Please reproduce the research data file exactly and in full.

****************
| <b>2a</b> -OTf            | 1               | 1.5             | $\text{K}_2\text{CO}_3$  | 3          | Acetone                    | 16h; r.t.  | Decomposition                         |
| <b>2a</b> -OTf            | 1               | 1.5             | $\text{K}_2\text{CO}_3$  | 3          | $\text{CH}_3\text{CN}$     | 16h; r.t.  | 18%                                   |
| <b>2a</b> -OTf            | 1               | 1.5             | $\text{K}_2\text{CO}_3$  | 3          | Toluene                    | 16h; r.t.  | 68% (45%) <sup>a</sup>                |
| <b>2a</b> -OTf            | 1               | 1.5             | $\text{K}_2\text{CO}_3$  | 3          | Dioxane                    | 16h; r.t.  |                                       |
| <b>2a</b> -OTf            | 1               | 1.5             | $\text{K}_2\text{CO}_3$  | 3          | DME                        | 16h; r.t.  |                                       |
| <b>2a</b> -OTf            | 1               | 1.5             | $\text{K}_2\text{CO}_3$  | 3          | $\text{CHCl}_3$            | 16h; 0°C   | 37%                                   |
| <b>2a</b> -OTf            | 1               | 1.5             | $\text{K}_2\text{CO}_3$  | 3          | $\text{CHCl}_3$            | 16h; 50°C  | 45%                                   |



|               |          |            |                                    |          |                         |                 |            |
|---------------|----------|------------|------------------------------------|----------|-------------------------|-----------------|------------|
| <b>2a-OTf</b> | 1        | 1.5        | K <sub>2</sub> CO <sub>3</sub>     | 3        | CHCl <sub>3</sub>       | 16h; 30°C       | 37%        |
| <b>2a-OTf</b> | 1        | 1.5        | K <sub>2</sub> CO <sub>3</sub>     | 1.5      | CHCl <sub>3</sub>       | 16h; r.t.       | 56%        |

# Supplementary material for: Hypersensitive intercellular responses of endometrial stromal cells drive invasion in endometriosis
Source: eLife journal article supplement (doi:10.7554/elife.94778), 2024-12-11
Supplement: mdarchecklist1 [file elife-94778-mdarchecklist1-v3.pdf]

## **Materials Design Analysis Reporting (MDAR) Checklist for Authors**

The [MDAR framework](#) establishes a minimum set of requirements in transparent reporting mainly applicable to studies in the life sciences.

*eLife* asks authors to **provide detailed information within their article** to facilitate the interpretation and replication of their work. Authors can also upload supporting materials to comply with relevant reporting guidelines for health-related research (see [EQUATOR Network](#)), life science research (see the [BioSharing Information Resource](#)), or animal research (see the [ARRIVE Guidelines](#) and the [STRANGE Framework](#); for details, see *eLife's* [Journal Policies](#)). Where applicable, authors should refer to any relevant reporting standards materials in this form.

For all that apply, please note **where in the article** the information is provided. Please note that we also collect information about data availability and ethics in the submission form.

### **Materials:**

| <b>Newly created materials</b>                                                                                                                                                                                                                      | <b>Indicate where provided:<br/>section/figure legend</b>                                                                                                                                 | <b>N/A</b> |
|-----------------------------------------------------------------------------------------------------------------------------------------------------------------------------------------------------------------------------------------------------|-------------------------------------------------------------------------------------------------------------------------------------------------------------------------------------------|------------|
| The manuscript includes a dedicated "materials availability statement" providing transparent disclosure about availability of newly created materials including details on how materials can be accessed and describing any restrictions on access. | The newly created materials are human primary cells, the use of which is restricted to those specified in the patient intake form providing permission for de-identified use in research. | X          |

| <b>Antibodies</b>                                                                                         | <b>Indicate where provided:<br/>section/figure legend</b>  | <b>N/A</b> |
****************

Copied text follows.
| <b>2a</b> -OTf            | 1               | 1.5             | $\text{K}_2\text{CO}_3$  | 3          | Acetone                    | 16h; r.t.  | Decomposition                         |
| <b>2a</b> -OTf            | 1               | 1.5             | $\text{K}_2\text{CO}_3$  | 3          | $\text{CH}_3\text{CN}$     | 16h; r.t.  | 18%                                   |
| <b>2a</b> -OTf            | 1               | 1.5             | $\text{K}_2\text{CO}_3$  | 3          | Toluene                    | 16h; r.t.  | 68% (45%) <sup>a</sup>                |
| <b>2a</b> -OTf            | 1               | 1.5             | $\text{K}_2\text{CO}_3$  | 3          | Dioxane                    | 16h; r.t.  |                                       |
| <b>2a</b> -OTf            | 1               | 1.5             | $\text{K}_2\text{CO}_3$  | 3          | DME                        | 16h; r.t.  |                                       |
| <b>2a</b> -OTf            | 1               | 1.5             | $\text{K}_2\text{CO}_3$  | 3          | $\text{CHCl}_3$            | 16h; 0°C   | 37%                                   |
| <b>2a</b> -OTf            | 1               | 1.5             | $\text{K}_2\text{CO}_3$  | 3          | $\text{CHCl}_3$            | 16h; 50°C  | 45%                                   |



|               |          |            |                                    |          |                         |                 |            |
|---------------|----------|------------|------------------------------------|----------|-------------------------|-----------------|------------|
| <b>2a-OTf</b> | 1        | 1.5        | K <sub>2</sub> CO <sub>3</sub>     | 3        | CHCl <sub>3</sub>       | 16h; 30°C       | 37%        |
| <b>2a-OTf</b> | 1        | 1.5        | K <sub>2</sub> CO <sub>3</sub>     | 1.5      | CHCl <sub>3</sub>       | 16h; r.t.       | 56%        |

# Supplementary material for: Hypersensitive intercellular responses of endometrial stromal cells drive invasion in endometriosis
Source: eLife journal article supplement (doi:10.7554/elife.94778), 2024-12-11
Supplement: mdarchecklist1 [file elife-94778-mdarchecklist1-v3.pdf]

## **Materials Design Analysis Reporting (MDAR) Checklist for Authors**

The [MDAR framework](#) establishes a minimum set of requirements in transparent reporting mainly applicable to studies in the life sciences.

*eLife* asks authors to **provide detailed information within their article** to facilitate the interpretation and replication of their work. Authors can also upload supporting materials to comply with relevant reporting guidelines for health-related research (see [EQUATOR Network](#)), life science research (see the [BioSharing Information Resource](#)), or animal research (see the [ARRIVE Guidelines](#) and the [STRANGE Framework](#); for details, see *eLife's* [Journal Policies](#)). Where applicable, authors should refer to any relevant reporting standards materials in this form.

For all that apply, please note **where in the article** the information is provided. Please note that we also collect information about data availability and ethics in the submission form.

### **Materials:**

| <b>Newly created materials</b>                                                                                                                                                                                                                      | <b>Indicate where provided:<br/>section/figure legend</b>                                                                                                                                 | <b>N/A</b> |
|-----------------------------------------------------------------------------------------------------------------------------------------------------------------------------------------------------------------------------------------------------|-------------------------------------------------------------------------------------------------------------------------------------------------------------------------------------------|------------|
| The manuscript includes a dedicated "materials availability statement" providing transparent disclosure about availability of newly created materials including details on how materials can be accessed and describing any restrictions on access. | The newly created materials are human primary cells, the use of which is restricted to those specified in the patient intake form providing permission for de-identified use in research. | X          |

| <b>Antibodies</b>                                                                                         | <b>Indicate where provided:<br/>section/figure legend</b>  | <b>N/A</b> |